Fee dropped on developmental classes

Amy Morris, Staff Reporter

A recent decision was made by ASCWU to drop a $500 fee that was charged for each development class that students take. With tuition already being expensive for students to pay off, the fee only added on to that expense. The fee being dropped makes classes more accessible for students. In fall 2020 English will be restructured, and in fall  2021, math will be restructured.

The development classes are 100 level classes that students take before they can take their first college-level classes. The decision made to drop these class fees was to make the classes more accessible. Tuition was around $1,000 for the 100 level classes with the fees and tuition combined. The people most affected by the fees are poor, first generation and minority students, because they are the ones most likely to take those classes, according to Zackary Turner, vice president of legislative affairs for ASCWU. 

Meghan Rochelle

CWU is absorbing the fees which will not come back in a tuition increase or in any other increase, according to Turner. To break it down, there is a $256,000 cost for the staff which includes directors, program assistance, coordinator positions, online tutoring and house coordinators, according to Nicholas Meji, vice president of academic affairs for ASCWU. They need $501,000 for goods and services, student employment and administrative staff. Meiji said that the overall cost for the program is $847,000 which the university will absorb. 

According to Meji, CWU is one of the schools that are higher than the national average in terms of national success, meaning students grade average after they get out of the 100 level courses, according to Meji. In many cases students that take the developmental classes and continue on with their college education will do better in the beginning courses like English 101 than their peers. The issue is in funding the programs, according to Meji. 

“The program is great, but we can do it better,” Meji said. “We don’t want to have those burdens on those students who are already vulnerable to begin with.”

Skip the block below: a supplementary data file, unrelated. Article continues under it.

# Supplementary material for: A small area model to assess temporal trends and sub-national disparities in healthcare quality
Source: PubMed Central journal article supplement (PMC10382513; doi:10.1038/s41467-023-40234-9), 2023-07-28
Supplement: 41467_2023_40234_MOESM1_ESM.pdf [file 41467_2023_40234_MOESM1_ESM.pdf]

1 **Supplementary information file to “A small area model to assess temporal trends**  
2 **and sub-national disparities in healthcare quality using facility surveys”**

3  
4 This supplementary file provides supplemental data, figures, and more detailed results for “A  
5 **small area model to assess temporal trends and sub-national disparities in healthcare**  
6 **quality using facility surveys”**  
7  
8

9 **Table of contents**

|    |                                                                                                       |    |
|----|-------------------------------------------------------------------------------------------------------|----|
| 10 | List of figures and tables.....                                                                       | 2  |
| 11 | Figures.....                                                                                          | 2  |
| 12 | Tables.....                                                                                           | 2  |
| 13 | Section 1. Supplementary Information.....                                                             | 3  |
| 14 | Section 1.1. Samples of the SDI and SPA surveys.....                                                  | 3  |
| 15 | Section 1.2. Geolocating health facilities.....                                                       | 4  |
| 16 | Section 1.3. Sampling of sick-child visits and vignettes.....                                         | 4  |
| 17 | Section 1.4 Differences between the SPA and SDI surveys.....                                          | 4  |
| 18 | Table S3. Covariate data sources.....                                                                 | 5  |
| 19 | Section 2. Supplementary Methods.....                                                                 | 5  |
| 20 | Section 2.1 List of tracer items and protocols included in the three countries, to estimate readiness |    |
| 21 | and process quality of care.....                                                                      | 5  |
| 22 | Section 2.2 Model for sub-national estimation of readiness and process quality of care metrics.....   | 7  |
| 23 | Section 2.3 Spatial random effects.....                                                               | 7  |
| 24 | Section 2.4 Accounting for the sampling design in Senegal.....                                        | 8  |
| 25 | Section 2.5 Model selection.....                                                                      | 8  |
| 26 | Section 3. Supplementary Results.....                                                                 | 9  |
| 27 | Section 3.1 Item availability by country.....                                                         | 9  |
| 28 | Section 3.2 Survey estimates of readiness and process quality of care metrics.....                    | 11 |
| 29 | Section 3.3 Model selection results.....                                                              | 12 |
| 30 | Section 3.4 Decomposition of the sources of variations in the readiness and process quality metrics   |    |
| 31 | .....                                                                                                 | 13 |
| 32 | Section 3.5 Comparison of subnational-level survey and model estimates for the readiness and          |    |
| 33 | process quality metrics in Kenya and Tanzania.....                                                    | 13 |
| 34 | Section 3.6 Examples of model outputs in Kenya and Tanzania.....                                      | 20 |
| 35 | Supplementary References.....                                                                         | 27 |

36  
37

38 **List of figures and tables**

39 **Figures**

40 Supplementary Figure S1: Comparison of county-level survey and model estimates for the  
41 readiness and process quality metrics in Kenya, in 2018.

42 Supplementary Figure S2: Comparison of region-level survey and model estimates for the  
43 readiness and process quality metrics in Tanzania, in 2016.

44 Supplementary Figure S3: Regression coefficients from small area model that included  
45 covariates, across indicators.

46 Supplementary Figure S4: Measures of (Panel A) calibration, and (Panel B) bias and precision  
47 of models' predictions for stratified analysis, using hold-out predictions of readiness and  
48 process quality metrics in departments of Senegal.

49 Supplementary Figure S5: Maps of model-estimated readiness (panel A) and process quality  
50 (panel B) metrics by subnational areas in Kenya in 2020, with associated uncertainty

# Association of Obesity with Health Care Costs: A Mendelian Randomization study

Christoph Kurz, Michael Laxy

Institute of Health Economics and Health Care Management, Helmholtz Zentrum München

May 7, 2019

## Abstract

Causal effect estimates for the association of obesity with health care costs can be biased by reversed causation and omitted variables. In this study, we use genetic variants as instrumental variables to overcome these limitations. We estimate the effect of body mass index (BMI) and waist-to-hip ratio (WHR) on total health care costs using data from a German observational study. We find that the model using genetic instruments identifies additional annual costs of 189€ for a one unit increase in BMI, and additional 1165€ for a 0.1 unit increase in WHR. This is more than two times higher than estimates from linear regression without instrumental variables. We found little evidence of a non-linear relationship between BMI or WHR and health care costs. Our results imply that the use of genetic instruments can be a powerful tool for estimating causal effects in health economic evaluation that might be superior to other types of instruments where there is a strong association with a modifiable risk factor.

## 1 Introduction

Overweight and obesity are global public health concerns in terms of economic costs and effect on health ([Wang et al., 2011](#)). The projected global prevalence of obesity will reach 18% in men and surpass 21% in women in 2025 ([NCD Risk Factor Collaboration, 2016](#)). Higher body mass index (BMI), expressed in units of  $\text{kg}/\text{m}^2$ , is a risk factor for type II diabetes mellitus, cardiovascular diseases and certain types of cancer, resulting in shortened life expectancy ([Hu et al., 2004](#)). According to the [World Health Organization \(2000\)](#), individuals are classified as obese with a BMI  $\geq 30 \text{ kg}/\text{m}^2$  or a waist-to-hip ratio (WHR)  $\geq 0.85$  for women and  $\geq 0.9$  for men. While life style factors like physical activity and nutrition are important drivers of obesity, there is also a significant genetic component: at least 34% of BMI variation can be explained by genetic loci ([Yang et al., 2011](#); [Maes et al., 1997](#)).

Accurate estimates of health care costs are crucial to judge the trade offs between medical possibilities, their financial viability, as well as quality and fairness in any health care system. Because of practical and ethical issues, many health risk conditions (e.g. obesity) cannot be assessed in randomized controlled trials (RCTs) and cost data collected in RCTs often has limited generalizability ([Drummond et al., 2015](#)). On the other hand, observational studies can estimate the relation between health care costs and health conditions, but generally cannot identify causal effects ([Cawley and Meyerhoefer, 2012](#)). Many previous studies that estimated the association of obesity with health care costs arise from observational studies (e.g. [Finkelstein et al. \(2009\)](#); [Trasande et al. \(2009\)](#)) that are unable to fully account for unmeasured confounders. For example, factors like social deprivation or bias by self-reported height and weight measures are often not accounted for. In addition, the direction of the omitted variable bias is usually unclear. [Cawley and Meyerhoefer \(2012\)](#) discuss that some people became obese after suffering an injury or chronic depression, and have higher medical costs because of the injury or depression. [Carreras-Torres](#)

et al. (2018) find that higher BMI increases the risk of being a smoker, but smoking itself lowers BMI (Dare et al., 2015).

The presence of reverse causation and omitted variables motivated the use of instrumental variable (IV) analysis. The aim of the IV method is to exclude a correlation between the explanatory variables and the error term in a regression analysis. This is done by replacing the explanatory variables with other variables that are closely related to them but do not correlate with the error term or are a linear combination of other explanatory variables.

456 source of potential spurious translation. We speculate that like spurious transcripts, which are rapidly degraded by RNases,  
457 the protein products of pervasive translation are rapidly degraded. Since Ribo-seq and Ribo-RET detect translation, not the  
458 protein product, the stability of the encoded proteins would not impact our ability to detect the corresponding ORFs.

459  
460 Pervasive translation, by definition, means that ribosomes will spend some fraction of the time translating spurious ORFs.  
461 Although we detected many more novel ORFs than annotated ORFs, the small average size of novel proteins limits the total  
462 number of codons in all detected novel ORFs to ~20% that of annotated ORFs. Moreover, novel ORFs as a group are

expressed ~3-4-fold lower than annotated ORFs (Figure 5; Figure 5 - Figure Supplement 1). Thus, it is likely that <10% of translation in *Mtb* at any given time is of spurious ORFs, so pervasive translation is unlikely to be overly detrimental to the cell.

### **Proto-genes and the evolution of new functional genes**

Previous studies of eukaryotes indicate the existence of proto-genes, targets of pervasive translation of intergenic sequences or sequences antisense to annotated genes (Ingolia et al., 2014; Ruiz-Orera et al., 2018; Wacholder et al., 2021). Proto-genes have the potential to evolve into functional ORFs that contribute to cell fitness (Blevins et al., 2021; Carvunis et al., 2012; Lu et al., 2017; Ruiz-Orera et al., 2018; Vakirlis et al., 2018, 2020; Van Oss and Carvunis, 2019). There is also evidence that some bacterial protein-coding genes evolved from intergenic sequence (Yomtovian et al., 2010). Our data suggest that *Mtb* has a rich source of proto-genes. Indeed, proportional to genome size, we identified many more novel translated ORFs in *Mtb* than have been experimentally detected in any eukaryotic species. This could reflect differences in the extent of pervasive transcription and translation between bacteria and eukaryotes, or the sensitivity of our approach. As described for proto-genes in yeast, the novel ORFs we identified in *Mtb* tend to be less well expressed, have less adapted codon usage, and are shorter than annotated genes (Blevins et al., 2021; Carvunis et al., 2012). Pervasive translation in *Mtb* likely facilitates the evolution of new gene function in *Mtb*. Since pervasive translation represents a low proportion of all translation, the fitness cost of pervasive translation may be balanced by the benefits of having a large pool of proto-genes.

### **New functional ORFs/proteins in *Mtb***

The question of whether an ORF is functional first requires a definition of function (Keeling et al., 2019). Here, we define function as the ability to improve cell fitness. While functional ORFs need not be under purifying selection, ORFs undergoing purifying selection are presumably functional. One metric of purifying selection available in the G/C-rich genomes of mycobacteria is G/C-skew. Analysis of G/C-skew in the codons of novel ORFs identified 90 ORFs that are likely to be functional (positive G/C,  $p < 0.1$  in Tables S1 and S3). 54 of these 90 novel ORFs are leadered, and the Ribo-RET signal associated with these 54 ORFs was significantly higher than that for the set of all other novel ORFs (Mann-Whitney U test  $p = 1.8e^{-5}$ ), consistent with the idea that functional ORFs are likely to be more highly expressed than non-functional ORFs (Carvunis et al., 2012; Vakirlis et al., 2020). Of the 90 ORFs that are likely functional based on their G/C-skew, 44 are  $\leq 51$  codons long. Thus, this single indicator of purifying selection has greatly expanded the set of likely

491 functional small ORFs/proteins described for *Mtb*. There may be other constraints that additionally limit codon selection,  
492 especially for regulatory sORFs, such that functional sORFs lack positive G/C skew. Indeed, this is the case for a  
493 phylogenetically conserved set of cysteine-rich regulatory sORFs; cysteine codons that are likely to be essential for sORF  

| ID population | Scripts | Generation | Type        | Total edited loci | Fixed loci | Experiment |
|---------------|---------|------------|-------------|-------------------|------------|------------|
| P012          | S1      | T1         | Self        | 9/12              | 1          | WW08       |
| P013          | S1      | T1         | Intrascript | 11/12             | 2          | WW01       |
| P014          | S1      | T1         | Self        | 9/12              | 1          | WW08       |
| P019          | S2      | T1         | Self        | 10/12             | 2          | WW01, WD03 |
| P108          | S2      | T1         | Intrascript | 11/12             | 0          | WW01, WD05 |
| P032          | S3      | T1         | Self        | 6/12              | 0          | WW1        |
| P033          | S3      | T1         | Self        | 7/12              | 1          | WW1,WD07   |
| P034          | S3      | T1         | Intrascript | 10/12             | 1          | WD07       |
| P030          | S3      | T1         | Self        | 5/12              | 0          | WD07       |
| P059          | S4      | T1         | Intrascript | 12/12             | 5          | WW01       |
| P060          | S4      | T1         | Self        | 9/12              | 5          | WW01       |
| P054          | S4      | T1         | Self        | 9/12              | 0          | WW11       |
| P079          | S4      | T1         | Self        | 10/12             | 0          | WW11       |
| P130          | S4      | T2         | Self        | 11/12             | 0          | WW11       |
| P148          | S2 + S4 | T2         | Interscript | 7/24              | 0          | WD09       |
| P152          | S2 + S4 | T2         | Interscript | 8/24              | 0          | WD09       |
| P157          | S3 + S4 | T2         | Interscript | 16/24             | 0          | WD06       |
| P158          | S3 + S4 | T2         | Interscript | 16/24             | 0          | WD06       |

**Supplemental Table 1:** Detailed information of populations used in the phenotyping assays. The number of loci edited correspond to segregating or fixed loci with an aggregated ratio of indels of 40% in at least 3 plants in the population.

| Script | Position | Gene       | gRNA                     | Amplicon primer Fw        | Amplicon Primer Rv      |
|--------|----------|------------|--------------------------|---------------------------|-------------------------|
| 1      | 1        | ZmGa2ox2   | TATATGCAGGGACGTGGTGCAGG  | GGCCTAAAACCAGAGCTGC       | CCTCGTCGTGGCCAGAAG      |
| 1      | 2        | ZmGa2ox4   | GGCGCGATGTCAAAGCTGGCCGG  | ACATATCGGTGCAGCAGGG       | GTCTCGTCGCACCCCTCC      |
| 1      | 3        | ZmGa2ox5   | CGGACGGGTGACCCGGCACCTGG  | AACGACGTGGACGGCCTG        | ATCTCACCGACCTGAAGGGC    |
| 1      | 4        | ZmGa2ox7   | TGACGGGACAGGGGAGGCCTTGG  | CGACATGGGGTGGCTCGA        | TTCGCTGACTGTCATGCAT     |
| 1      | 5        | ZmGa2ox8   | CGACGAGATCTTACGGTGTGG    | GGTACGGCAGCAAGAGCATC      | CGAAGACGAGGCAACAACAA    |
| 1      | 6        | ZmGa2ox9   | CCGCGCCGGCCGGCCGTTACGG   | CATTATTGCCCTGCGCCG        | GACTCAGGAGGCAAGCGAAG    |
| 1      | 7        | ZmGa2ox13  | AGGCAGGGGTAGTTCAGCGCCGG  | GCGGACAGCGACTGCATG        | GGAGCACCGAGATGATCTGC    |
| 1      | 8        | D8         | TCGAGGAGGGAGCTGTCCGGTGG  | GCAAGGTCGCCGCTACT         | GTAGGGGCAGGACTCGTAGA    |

Turner said it has been a big struggle to get these fees dropped. The fees were implemented during the recession and were necessary to keep the programs going. Now that CWU is doing better financially, they have been very willing to work with ASCWU on this issue. 

“They didn’t want to do these [fees] in the first place. It’s bad policy, and they are really excited to get rid of them, and take the burden off of the students,” Turner said. 

Lynn Franken, the interim provost, is focusing on restructuring the English and math developmental courses. Plans are in the works to provide supplemental help for the students taking those classes in a way that supports their progress. Franken said she has had a lot of meetings with the English and math faculty and that they are very involved in the process.

She recently just met with four different faculty members of the English department including the dean and had a very in depth conversation about the plans of restructuring the classes.

“I felt very optimistic about their plans, how they were grasping this issue and interested in figuring it out,” Franken said.

It is going to take the rest of the quarter at the least to figure out restructuring the classes, according to Franken. She also had a meeting with the math department but said the situation of restructuring the math classes is trickier. Franken explained that it is easier for students to grasp English than it is for them to grasp certain math concepts. Franken said proceeding with caution and the best interest for the students is important on this issue. She wants to restructure the classes in a way that makes financial sense but does not burden the students.

“Some students need more boost to get from where they are to where they need to be,” Franken said. “We don’t want to set our students up for failure, we want to set them up for success.”

Franken is working on ways to make the students more engaged in their developmental classes. She wants the material to be brought to the students in a way that makes sense to them and helps them learn deeply and lastingly.

Franken wants to take the principles that make students so drawn to their major classes and apply those techniques to the developmental English and math classes. She is grateful that students showed interest in the elimination of the fees and the process of going forward to provide the academic and intellectual material they need to be successful.